-- Command to add REPLICAT
-- add replicat rhbase, exttrail dirdat/or
TARGETDB LIBFILE libggjava.so SET property=dirprm/hbase.props
MAP ggtest.*, TARGET bdtest.*;

We are checking our trail files and starting our replicat using the latest trail file. By default, a replicat would be looking for a trail with sequential number 0, but, since I have a purging policy on my GoldenGate it deletes old files and I need tell to replicat where to start exactly.

[oracle@sandbox oggbd]$ ll dirdat/
total 4940
-rw-r-----. 1 oracle oinstall    3028 Feb 16 14:17 initld
-rw-r-----. 1 oracle oinstall 2015199 Mar 24 13:07 or000043
-rw-r-----. 1 oracle oinstall 2015229 Mar 24 13:08 or000044
-rw-r-----. 1 oracle oinstall 1018490 Mar 24 13:09 or000045
[oracle@sandbox oggbd]$ ggsci

Oracle GoldenGate Command Interpreter
Version OGGCORE_12.
Linux, x64, 64bit (optimized), Generic on Nov 10 2015 16:18:12
Operating system character set identified as UTF-8.

Copyright (C) 1995, 2015, Oracle and/or its affiliates. All rights reserved.

GGSCI (sandbox.localdomain) 1> info all

Program     Status      Group       Lag at Chkpt  Time Since Chkpt


GGSCI (sandbox.localdomain) 2> add replicat rhbase, exttrail dirdat/or,EXTSEQNO 45

GGSCI (sandbox.localdomain) 3> start replicat rhbase

Sending START request to MANAGER ...

GGSCI (sandbox.localdomain) 4> info all

Program     Status      Group       Lag at Chkpt  Time Since Chkpt

REPLICAT    RUNNING     RHBASE      00:00:00      00:00:06

GGSCI (sandbox.localdomain) 5> info rhbase

REPLICAT   RHBASE    Last Started 2016-03-29 12:56   Status RUNNING
Checkpoint Lag       00:00:00 (updated 00:00:08 ago)
Process ID           27277
Log Read Checkpoint  File dirdat/or000045
                     2016-03-24 13:09:02.000274  RBA 1018490

GGSCI (sandbox.localdomain) 6>

I inserted number of rows to test_tab_1 on oracle side and all of them were successfully replicated to HBASE.

hbase(main):015:0> count 'BDTEST:TEST_TAB_1'
Current count: 1000, row: 1005694
Current count: 2000, row: 442
Current count: 3000, row: 6333
3473 row(s) in 1.0810 seconds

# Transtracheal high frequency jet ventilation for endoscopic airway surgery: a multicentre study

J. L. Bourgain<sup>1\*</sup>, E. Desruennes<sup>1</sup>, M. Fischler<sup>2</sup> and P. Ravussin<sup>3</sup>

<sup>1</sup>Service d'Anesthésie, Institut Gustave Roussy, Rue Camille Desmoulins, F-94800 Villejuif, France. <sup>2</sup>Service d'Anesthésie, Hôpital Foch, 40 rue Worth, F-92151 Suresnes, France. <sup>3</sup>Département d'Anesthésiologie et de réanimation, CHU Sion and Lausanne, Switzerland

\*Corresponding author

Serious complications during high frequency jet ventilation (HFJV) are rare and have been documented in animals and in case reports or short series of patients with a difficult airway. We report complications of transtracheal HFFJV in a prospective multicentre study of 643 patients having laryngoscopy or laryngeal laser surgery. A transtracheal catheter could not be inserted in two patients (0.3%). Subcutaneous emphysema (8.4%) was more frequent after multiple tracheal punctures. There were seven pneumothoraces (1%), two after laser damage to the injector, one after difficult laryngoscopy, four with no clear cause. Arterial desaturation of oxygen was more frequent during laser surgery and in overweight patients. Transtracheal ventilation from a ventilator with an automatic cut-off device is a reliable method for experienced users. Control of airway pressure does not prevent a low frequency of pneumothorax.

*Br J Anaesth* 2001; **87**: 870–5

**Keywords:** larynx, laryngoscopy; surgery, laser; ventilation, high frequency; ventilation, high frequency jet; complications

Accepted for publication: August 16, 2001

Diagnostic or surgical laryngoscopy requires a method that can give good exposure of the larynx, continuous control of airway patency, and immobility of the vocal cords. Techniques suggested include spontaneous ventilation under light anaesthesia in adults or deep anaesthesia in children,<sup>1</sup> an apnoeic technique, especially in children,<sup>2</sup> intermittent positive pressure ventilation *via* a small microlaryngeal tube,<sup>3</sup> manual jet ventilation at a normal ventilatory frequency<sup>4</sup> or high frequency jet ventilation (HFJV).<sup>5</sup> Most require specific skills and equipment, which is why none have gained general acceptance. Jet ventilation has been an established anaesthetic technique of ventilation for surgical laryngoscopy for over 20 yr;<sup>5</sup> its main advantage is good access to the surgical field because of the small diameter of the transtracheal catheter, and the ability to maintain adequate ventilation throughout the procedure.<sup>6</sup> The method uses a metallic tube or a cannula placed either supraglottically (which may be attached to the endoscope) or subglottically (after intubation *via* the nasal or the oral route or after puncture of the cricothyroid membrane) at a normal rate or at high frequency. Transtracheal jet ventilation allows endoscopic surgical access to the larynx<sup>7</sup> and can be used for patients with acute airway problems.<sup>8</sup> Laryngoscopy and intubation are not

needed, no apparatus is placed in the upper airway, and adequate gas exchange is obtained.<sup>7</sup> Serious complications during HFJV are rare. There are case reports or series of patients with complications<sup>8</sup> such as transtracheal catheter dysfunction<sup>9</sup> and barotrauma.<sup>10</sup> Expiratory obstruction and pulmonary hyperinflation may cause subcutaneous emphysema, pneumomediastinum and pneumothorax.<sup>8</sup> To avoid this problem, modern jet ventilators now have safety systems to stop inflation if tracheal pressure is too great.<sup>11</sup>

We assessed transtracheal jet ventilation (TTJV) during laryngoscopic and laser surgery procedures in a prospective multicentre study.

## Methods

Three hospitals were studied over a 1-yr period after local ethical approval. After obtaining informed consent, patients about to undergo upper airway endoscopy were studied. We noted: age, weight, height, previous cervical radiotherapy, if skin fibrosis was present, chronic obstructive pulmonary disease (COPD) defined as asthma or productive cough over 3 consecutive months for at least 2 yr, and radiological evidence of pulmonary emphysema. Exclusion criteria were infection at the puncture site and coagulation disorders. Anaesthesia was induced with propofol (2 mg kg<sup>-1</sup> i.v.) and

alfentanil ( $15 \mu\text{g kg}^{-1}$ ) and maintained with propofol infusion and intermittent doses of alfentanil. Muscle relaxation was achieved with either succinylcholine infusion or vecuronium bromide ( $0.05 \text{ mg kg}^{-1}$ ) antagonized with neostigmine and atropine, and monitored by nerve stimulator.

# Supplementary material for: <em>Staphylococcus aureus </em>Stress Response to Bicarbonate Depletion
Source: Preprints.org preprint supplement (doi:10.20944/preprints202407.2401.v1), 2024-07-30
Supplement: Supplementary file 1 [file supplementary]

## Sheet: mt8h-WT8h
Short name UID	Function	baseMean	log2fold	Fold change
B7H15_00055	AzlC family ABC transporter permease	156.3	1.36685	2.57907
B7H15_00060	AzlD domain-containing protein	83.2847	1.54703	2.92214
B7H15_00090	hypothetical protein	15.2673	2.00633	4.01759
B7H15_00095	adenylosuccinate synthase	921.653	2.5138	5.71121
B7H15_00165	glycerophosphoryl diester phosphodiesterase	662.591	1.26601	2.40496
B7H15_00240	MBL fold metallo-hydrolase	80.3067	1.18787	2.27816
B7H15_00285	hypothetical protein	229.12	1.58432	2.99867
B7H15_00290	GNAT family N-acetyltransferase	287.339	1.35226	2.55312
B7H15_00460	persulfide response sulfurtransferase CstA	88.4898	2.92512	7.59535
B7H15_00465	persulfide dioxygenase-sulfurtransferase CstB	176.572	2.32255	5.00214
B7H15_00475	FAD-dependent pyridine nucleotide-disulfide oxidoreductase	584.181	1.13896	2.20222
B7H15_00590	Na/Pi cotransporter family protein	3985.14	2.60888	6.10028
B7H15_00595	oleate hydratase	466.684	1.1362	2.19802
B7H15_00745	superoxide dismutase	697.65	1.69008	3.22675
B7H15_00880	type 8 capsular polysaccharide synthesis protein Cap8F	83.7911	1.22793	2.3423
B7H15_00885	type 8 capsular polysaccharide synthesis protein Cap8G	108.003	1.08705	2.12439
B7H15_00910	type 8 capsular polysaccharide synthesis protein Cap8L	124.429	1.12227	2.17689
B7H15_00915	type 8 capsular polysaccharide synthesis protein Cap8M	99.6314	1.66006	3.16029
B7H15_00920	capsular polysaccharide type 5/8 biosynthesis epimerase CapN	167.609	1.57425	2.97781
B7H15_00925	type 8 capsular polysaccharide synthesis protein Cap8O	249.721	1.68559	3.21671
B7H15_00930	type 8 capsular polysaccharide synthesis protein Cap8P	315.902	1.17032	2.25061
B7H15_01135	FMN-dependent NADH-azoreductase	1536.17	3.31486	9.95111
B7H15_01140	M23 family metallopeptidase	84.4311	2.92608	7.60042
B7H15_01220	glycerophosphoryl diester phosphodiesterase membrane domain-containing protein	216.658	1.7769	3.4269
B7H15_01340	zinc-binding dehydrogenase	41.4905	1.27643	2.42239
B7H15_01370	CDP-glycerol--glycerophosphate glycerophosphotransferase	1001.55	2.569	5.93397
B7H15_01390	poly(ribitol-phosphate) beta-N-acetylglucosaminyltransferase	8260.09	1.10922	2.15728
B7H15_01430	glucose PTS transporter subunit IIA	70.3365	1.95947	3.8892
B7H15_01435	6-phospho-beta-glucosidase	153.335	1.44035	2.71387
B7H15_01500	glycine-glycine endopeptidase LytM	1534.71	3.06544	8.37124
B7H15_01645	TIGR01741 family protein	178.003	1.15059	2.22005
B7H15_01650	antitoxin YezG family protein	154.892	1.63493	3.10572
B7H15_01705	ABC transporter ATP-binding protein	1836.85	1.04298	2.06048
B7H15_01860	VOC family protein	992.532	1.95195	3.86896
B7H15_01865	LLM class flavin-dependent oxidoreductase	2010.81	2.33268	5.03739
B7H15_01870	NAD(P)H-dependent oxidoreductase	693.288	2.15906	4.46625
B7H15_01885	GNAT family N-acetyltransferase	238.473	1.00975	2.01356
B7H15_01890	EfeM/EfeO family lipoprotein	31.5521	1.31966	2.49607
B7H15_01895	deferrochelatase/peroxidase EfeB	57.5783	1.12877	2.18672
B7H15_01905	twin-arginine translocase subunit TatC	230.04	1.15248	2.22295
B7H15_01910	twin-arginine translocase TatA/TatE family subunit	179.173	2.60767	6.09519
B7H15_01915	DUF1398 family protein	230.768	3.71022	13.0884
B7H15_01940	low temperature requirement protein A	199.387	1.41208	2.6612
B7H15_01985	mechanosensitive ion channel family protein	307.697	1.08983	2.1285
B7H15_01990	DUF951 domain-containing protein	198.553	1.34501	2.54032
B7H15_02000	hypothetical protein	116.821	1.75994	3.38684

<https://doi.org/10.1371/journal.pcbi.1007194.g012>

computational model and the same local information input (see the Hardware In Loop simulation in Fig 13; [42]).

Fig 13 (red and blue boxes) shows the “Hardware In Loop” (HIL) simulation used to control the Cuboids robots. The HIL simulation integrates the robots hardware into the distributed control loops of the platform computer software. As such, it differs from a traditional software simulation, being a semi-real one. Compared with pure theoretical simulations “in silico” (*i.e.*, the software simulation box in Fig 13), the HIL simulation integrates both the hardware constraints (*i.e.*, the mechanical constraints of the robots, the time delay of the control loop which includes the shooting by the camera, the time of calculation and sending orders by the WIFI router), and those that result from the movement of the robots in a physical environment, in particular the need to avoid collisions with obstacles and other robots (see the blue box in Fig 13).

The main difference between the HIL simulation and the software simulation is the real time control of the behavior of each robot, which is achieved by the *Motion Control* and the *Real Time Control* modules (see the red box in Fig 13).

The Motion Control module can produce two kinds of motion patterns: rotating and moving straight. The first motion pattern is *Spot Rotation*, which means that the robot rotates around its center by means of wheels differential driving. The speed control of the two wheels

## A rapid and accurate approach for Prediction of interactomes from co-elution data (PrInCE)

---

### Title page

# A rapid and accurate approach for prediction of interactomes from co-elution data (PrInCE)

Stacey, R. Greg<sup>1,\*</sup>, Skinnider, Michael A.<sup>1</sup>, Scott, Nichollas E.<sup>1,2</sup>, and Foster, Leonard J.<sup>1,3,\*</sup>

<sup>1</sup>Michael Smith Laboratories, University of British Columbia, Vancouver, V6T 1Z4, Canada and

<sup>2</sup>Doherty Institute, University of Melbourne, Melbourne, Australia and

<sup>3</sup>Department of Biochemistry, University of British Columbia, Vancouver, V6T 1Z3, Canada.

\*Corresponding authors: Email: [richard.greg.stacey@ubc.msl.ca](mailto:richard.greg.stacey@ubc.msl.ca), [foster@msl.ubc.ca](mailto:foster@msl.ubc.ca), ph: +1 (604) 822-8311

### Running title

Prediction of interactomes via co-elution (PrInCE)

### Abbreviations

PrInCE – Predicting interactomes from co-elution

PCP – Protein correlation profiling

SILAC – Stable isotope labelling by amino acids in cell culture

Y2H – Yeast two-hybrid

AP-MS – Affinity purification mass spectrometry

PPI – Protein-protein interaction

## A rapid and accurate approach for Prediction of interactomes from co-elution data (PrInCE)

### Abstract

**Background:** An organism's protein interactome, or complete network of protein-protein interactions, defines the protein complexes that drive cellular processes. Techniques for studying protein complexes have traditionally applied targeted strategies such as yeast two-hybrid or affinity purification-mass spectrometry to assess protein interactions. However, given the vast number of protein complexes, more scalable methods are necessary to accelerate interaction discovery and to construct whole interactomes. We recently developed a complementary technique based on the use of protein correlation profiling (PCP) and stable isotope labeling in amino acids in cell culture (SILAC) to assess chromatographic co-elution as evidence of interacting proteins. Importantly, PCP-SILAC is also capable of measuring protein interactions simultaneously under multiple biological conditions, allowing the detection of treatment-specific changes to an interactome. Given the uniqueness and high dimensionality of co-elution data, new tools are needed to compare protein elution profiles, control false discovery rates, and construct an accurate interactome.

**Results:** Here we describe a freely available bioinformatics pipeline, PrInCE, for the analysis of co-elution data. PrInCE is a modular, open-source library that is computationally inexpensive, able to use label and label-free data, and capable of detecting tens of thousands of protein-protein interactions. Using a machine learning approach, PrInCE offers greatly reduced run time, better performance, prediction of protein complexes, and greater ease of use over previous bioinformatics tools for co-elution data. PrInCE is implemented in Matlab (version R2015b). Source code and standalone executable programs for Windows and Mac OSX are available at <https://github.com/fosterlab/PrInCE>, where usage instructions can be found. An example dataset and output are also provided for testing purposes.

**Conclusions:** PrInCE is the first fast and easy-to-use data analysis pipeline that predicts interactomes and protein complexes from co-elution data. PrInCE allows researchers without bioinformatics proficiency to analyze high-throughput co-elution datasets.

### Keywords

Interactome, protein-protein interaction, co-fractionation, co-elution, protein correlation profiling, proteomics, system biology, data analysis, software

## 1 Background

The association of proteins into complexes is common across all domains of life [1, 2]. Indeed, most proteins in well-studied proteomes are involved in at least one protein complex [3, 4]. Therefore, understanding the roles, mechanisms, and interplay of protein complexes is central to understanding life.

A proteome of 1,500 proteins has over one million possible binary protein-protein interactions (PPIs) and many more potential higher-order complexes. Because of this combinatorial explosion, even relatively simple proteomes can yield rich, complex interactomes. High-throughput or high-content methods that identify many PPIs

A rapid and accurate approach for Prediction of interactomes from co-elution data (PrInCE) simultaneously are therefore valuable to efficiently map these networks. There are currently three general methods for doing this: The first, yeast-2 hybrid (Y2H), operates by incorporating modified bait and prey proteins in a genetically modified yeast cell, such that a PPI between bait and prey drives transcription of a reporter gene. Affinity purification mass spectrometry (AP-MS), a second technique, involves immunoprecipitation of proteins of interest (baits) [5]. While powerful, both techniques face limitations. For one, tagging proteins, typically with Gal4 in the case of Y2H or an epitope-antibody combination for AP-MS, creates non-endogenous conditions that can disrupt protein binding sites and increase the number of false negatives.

=> 3473

Let’s have a look bit close to test_tab_1 and test_tab_2:

hbase(main):005:0> scan 'BDTEST:TEST_TAB_1'
ROW                                            COLUMN+CELL
 1                                             column=cf:ACC_DATE, timestamp=1459269153102, value=2014-01-22:12:14:30
 1                                             column=cf:PK_ID, timestamp=1459269153102, value=1
 1                                             column=cf:RND_STR, timestamp=1459269153102, value=371O62FX
 1                                             column=cf:RND_STR_1, timestamp=1459269153102, value=RJ68QYM5
 1                                             column=cf:USE_DATE, timestamp=1459269153102, value=2014-01-24:19:09:20
 2                                             column=cf:ACC_DATE, timestamp=1459269153102, value=2014-05-11:05:23:23
 2                                             column=cf:PK_ID, timestamp=1459269153102, value=2
 2                                             column=cf:RND_STR, timestamp=1459269153102, value=371O62FX
 2                                             column=cf:RND_STR_1, timestamp=1459269153102, value=HW82LI73
 2                                             column=cf:USE_DATE, timestamp=1459269153102, value=2014-01-24:19:09:20

hbase(main):006:0> scan 'BDTEST:TEST_TAB_2'
ROW                                            COLUMN+CELL
 7|IJWQRO7T|2013-07-07:08:13:52                column=cf:ACC_DATE, timestamp=1459269153132, value=2013-07-07:08:13:52
 7|IJWQRO7T|2013-07-07:08:13:52                column=cf:PK_ID, timestamp=1459269153132, value=7
 7|IJWQRO7T|2013-07-07:08:13:52                column=cf:RND_STR_1, timestamp=1459269153132, value=IJWQRO7T
1 row(s) in 0.0390 seconds


You can see that row identifier for test_tab_1 is value for pk_id and for test_tab_2 it is concatenation of all values for all columns. Why is it so? The difference is in constraints for the tables. Since we don’t have a primary key or unique index for test_tab_2 it uses all columns as a key value. We can try to add a constraint and see the result.

select * from dba_constraints where owner='GGTEST' and table_name='TEST_TAB_2';

no rows selected

alter table ggtest.test_tab_2 add constraint pk_test_tab_2 primary key (pk_id);

Table altered.

insert into ggtest.test_tab_2 values(9,'PK_TEST',sysdate,null);

1 row created.


Commit complete.


And let us comare with result on the HBASE:

hbase(main):012:0> scan 'BDTEST:TEST_TAB_2'
ROW                                           COLUMN+CELL
 7|IJWQRO7T|2013-07-07:08:13:52               column=cf:ACC_DATE, timestamp=1459275116849, value=2013-07-07:08:13:52
 7|IJWQRO7T|2013-07-07:08:13:52               column=cf:PK_ID, timestamp=1459275116849, value=7
 7|IJWQRO7T|2013-07-07:08:13:52               column=cf:RND_STR_1, timestamp=1459275116849, value=IJWQRO7T
 8|TEST_INS1|2016-03-29:15:14:37|TEST_ALTER   column=cf:ACC_DATE, timestamp=1459278884047, value=2016-03-29:15:14:37
 8|TEST_INS1|2016-03-29:15:14:37|TEST_ALTER   column=cf:PK_ID, timestamp=1459278884047, value=8